Japan, despite the financial crisis, should prove a good long term investment pros-pect, but with several internal and external variables, analysts will not be drawn on the timing of the turnaround.
James Hegarty senior fund manager at Invesco in Tokyo describes himself as “near term very negative, medium term doubtful, longer term very optimistic.”
Anita Lenseisen, investment analyst with Bayerische Landesbank in Munich, says that much depends on the new programme of reform.
“We think that in the next six to 12 months the Nikkei will show high volatility but will remain roughly at this level. We think that from 1999 onwards the situation will become better.”
Koji Nagaoka, a director with Nicam UK in London is blunt about the government’s record. “The Japanese government failed to take any meaningful measures to prop up the slowing economy, which was caused by a series of inappropriate economic policies. It also failed to calm down the panicky mood in the financial system, after the collapse of fragile financial institutions.”
However change will come. Nagaoka, looking at the big picture says that the major drivers for the market will be changing demographics, de-regulation including Japan’s equivalent of the Big Bang next year, technological in-novation and continuing glo-balisation.
Hegarty paints an improving picture although he cannot be specific on timing with variables including as how successful international aid is for Asia as a whole.
“The financial sector will be much smaller due to bankruptcy and mergers and acquisitions and will be better able to withstand overseas competition when Japan’s big bang occurs.” He also points out that for a quarter of the market, companies are valued at well below their break up value with some selling below the cash value on their balance sheets. He predicts that this could lead to previously unheard of take-over activity.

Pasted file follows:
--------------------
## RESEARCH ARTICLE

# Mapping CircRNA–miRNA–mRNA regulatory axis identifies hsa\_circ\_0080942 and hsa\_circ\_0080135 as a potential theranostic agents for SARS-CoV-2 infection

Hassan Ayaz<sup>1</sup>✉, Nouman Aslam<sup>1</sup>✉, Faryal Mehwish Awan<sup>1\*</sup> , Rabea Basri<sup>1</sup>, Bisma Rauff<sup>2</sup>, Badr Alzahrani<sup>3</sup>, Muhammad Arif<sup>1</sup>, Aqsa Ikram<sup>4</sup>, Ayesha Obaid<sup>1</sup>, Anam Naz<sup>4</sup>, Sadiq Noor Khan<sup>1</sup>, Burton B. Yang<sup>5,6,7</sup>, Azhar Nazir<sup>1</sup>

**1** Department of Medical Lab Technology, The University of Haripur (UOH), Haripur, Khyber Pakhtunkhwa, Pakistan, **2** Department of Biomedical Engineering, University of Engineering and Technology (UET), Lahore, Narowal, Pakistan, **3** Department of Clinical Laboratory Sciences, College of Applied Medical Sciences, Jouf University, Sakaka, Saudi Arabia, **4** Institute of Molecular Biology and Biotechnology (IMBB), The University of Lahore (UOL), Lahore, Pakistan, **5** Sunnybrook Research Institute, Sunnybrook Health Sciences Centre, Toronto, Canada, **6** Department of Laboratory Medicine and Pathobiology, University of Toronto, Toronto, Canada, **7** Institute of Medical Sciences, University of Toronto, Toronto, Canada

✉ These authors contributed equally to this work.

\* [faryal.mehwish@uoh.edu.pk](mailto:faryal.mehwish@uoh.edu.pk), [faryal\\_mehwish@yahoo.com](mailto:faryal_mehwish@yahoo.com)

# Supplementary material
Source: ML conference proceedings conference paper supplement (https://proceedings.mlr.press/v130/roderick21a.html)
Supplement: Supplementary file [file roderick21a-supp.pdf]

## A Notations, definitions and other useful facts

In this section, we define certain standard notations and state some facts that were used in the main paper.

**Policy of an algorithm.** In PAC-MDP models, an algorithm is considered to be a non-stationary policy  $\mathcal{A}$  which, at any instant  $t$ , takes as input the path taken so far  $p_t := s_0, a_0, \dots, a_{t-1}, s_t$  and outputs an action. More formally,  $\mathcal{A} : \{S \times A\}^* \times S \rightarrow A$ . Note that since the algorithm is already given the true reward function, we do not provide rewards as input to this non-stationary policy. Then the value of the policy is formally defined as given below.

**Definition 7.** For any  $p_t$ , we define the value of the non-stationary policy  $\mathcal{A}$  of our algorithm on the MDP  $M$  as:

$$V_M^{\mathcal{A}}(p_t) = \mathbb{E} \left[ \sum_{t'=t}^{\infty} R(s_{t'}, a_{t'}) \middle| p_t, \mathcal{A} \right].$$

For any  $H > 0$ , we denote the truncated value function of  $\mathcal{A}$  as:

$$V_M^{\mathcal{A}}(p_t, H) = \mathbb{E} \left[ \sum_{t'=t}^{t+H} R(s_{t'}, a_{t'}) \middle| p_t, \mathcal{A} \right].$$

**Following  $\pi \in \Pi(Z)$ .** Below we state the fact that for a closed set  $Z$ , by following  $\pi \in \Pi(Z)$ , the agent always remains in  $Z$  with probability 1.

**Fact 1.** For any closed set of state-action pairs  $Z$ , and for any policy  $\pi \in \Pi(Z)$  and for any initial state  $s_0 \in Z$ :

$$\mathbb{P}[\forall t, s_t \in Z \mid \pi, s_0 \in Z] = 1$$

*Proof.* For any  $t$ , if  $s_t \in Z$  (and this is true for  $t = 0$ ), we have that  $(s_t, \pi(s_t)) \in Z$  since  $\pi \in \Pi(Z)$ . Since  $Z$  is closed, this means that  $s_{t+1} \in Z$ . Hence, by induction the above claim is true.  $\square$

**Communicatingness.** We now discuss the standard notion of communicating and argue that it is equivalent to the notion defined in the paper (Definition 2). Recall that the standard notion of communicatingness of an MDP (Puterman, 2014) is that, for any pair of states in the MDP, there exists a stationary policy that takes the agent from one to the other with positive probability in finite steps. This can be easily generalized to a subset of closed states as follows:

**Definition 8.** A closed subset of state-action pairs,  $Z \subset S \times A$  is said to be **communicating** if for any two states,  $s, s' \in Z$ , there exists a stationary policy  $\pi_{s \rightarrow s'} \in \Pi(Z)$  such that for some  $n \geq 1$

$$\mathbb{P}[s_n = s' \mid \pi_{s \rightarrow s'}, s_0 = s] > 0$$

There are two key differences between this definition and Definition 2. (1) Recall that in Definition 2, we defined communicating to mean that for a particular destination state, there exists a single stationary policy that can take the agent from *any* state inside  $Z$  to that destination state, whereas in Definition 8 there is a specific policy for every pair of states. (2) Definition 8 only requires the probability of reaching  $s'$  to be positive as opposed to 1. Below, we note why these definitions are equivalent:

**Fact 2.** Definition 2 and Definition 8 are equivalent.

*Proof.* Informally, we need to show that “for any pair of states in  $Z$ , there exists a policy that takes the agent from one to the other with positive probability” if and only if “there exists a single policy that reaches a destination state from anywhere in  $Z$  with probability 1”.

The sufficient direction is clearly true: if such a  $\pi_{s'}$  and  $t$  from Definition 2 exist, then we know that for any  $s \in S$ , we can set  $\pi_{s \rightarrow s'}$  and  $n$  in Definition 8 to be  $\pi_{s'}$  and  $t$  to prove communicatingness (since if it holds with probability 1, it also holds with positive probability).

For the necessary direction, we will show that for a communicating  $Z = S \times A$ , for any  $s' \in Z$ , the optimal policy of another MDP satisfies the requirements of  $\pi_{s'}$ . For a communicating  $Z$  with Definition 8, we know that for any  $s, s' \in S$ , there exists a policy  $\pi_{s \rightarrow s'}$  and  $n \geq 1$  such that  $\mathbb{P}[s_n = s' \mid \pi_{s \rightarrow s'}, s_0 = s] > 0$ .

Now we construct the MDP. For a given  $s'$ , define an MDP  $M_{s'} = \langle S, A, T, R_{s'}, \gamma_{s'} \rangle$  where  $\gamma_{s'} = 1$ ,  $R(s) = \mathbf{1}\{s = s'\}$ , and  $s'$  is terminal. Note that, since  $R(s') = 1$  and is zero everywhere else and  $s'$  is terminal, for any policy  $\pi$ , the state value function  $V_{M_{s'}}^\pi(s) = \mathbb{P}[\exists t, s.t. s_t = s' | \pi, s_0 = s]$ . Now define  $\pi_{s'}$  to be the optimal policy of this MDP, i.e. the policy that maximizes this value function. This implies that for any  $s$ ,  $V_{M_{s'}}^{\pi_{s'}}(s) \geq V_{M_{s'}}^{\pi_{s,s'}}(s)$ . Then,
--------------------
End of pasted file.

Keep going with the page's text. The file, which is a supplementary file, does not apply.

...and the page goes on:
In terms of money flows, changes to investment rules should see more individuals investing on the markets while companies at these prices now present a reasonable dividend prospect of 3% (well above the 0.3% available from cash deposit) when previously investors were only expecting capital gains, says Hegarty.
In terms of sectors, Nag-aoka favours global technology companies adding that small innovative enterprises will fare better than traditional sectors such as banks, construction, steel makers and chemicals. Nicam will continue to overweight technology and underweight financials.
Hegarty favours “anything which has value, therefore cyclical stocks and machinery stocks. We are still negative in terms of consumption stocks namely those which are linked to the consumer.”
Lenseisen believins that real estate and construction will improve because prices have fallen 80% in recent years and must have bottomed out.
She sees consumer linked companies as the weakest sector but also believes that in the high tech sector that the US may have establised a significant lead. John Lappin